Entrenched in the early stages of a start-up, I really appreciate your reminder for a plan B. Man, this is HARD. This is my third start-up and amazingly enough it doesn’t get any easier. It’s actually harder this time because I have a lot more to lose.
I just read Derek Sivers book and he quoted you as saying something like, (I’m paraphrasing sorry), no plan survives first contact with customer.
I love that.
That’s why I found and subscribed to your blog. Thanks for helping.
Formal decision analysis finally caught up with Charles Lindbergh’s solo flight of the Atlantic. He maximized the probability of success, while giving up on the probability of survival if he failed. (That is, carry as much gas as possible, no radio, no life-raft, etc.) That same analysis says that one wants to do the opposite if one is going to fly the Atlantic repeatedly; one wants to balance the probability of success against the probability of surviving if you don’t make it, which will happen eventually. When one is younger one often (tries to) maximizes the probability of success, while ignoring the probability of survival upon failure.
This leads to my favorite Robert Frost quote:
“Home is where when you go there they have to let you in.” In my 20’s I used to remind my mother of this often, when I was “performing” without a net.
I think your point that wanna be entrepreneurs need Plans B through infinity is well taken. These plans allow one to succeed when Plan A fails – as happens more than not, and, perhaps more important, salvages the investment – $, people, resources, etc. by applying them to something other than Plan A.
Put differently, successful entrepreneurs have told me that they ALWAYS figure it out as they go along – which is your point.
The chances that you will encounter no conflicts with Plan A are so slim that I believe one should not worry about Plan B at all. Instead you should constantly make variations on Plan A based on the results and data you receive. All these slight changes will probably change your goal altogether. In the end is there even a point to lettering goals? There should be one continuously evolving plan called “The Plan”.
I actually wrote a post about one of my experiences with this. Anyway, great article.
This is something I’ve been playing with a bit lately as I’ve always had a contingency plan, which many would call a plan B, and have now decided that contingency plans suck. They are a tool for diluting focus and are a means for self sabotage, as more often than not you end up settling for the contingency plan.
Let’s face it, the contingency plan was also probably devised in an equally unpredictable world as plan A. What will I be doing now – know where I want to go, decide best path to get there, when it’s no longer the best path to get there, choose a different path. Always evolving, always changing in response to an unpredictable world, and sometimes where we’re aiming for should even change in response to the environment.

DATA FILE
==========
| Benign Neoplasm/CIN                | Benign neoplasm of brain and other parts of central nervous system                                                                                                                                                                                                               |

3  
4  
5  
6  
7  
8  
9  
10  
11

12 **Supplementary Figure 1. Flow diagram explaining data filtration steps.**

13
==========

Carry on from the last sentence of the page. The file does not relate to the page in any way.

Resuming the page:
From my perspective, an entrepreneur’s best strategy lies in seeing where they are for what it is, knowing they can always find a great path forward, and focusing their effort on a single path, until it’s time to change it.
I fully agree but in my experience being flexible enough to understand the need for backup plans and able to switch assumptions and viewpoints while searching for a viable business plan is often seen as not believing in the project to begin with by others.
@steveblank I disagree on “Great entrepreneurs don’t just have a Plan B, they have Plans B through ∞”
A great entrepreneur does not come up with a new plan until the existing one has expired; any current thinking on plans B through ∞ is as flawed as the existing plan A. It is based on the same assumptions.
Sometimes, the only point of Plan A is to give you the perspective to see that Plan B is a better option. I learned this recently when I realized that, while a Stanford MBA is an amazing opportunity, it wasn’t really what I wanted (or needed). I stumbled into cofounding a startup, and was about to leave it, when I realized that this “Plan B” was actually my most attractive option:
To call the La Bahia that went before the Coastal Commission “plan A” is ridiculous. It was more like plan “double Z”. Furthermore, it had seemly already been vetted by the “process”. Plans A through double Y had already been tried. The problem was the CC’s inability to see that the process was working. It was the CC that insisted that the change in the coastal plan be project driven, but it seemed like it was the fact that it was a project driven change that killed it. The CC’s needs to revise their process to allow for great projects that have been well vetted by the “process”.
[...] Basically – always be thinking about what could kill you, do your best to prepare / build buffers for it and don’t feel obligated to take a risk unless you’re sure it’s the right decision. And always have a plan b. [...]
[...] be intimately aware that (1) Starting A Company Is Like Staring Into The Face Of Death and that, (2) There is always a plan B (and C, D, E…) (…and most of the time they are based on wrong h… [...]
Steve, Marc Andreesen has lately been speaking against taking pivoting lightly, seeing that entrepreneurs too often take the easy way out; as an investor it is easy to agree that one bets money on one specific big idea, requiring courage to carry it through. What are your thoughts?
completely agree. some founders treat a Pivot as an excuse for attention deficit disorder.
a pivot is a change in strategy – a substantive change to one or more business model canvas components.
it should be done only after there’s sufficient evidence in-hand.